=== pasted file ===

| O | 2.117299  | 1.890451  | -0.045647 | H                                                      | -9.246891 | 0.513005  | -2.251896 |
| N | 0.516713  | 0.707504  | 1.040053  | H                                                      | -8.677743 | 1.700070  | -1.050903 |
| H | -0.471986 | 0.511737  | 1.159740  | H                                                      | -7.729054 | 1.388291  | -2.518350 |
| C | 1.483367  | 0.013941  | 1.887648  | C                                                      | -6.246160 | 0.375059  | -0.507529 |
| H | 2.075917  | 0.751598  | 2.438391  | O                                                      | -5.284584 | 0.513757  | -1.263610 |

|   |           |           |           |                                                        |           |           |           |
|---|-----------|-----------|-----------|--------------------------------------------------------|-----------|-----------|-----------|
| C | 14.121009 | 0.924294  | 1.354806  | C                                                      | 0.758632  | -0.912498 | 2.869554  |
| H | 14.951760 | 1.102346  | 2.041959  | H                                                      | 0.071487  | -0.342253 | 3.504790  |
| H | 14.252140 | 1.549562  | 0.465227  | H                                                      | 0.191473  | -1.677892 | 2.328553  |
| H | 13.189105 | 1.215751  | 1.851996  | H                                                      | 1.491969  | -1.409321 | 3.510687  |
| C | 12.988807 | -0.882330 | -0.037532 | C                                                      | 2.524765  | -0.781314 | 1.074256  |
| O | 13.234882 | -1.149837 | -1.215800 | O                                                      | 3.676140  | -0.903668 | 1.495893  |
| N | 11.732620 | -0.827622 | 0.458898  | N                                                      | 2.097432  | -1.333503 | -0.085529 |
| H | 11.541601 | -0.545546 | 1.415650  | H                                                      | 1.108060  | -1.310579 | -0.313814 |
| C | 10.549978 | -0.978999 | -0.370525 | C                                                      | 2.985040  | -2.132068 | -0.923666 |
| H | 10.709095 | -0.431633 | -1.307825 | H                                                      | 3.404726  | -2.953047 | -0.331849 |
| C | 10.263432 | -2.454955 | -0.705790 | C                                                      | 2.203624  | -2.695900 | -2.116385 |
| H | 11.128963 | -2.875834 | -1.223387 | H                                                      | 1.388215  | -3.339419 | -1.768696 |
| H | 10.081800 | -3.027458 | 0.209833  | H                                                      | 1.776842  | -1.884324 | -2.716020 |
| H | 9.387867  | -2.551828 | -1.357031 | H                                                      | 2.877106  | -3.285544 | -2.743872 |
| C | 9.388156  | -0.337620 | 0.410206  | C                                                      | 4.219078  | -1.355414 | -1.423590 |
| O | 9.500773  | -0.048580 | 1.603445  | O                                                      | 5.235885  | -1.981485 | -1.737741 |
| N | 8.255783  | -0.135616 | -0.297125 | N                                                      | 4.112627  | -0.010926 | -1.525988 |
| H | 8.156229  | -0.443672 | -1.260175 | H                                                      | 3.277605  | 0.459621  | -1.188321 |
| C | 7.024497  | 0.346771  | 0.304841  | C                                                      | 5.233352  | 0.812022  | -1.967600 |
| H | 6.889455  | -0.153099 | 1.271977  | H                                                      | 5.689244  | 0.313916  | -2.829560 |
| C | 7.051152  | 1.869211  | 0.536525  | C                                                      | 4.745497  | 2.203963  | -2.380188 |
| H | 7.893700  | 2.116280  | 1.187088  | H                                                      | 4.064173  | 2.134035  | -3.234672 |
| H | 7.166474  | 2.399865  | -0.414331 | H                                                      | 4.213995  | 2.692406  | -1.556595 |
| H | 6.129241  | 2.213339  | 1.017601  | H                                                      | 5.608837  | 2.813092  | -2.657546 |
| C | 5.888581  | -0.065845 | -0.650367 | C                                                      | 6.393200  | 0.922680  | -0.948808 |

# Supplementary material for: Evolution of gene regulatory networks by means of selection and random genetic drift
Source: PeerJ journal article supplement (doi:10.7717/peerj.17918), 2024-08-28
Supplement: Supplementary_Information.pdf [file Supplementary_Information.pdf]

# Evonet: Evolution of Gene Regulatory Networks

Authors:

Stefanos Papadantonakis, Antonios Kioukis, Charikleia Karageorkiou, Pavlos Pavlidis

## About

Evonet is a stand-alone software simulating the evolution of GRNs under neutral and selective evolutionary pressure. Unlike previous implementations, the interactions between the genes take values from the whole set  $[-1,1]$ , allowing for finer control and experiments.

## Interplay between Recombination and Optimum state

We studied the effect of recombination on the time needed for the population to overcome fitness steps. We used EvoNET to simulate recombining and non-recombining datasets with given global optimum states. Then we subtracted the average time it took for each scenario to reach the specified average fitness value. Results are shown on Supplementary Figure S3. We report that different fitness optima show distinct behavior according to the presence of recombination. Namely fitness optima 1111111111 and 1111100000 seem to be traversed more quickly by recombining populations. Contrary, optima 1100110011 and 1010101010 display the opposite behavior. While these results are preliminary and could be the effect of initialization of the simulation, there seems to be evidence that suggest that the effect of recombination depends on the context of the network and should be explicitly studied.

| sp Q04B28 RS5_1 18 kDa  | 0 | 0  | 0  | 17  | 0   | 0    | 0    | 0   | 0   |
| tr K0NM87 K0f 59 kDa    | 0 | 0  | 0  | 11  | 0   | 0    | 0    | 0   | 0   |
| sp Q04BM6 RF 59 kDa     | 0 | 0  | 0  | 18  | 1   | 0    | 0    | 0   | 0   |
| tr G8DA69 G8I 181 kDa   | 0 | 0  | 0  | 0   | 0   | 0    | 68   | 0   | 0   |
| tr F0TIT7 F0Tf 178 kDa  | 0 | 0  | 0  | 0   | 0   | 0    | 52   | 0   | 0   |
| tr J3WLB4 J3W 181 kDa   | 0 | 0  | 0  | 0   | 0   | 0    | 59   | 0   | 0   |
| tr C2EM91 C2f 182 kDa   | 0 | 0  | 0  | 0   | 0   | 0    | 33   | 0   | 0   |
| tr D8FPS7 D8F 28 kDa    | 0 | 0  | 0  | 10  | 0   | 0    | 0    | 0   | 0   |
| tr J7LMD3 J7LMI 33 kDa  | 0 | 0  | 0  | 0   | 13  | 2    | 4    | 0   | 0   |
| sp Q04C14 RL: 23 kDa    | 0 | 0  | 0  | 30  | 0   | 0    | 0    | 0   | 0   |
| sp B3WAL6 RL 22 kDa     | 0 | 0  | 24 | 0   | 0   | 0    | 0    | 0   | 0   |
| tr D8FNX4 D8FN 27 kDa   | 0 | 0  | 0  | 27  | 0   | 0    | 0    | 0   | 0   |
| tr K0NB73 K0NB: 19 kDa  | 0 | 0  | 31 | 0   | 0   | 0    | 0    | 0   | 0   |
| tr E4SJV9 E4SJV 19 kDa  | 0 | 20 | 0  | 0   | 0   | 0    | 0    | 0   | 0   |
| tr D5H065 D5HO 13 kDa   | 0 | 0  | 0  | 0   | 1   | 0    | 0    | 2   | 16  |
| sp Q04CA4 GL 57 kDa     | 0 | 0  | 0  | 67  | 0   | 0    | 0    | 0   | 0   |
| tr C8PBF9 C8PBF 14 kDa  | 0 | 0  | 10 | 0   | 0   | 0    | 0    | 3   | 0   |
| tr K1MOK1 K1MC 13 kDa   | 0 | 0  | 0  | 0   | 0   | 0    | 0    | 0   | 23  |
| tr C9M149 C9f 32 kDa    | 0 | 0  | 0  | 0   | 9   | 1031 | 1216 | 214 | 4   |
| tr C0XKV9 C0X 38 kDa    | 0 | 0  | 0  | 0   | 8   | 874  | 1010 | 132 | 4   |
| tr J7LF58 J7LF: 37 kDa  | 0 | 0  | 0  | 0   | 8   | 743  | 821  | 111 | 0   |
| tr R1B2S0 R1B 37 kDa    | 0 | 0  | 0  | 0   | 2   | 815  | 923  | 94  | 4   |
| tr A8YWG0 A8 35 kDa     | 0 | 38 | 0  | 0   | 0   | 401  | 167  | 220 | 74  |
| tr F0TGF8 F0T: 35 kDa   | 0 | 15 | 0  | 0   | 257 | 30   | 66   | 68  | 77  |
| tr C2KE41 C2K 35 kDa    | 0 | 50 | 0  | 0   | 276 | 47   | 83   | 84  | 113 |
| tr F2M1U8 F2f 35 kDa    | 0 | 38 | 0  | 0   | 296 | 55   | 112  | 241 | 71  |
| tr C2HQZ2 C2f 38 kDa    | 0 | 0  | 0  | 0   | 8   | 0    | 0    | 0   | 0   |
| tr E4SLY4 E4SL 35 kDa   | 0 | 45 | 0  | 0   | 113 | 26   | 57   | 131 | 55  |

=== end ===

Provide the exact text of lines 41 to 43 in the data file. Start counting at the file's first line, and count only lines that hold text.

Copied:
## Interplay between Recombination and Optimum state

We studied the effect of recombination on the time needed for the population to overcome fitness steps. We used EvoNET to simulate recombining and non-recombining datasets with given global optimum states. Then we subtracted the average time it took for each scenario to reach the specified average fitness value. Results are shown on Supplementary Figure S3. We report that different fitness optima show distinct behavior according to the presence of recombination. Namely fitness optima 1111111111 and 1111100000 seem to be traversed more quickly by recombining populations. Contrary, optima 1100110011 and 1010101010 display the opposite behavior. While these results are preliminary and could be the effect of initialization of the simulation, there seems to be evidence that suggest that the effect of recombination depends on the context of the network and should be explicitly studied.

| sp Q04B28 RS5_1 18 kDa  | 0 | 0  | 0  | 17  | 0   | 0    | 0    | 0   | 0   |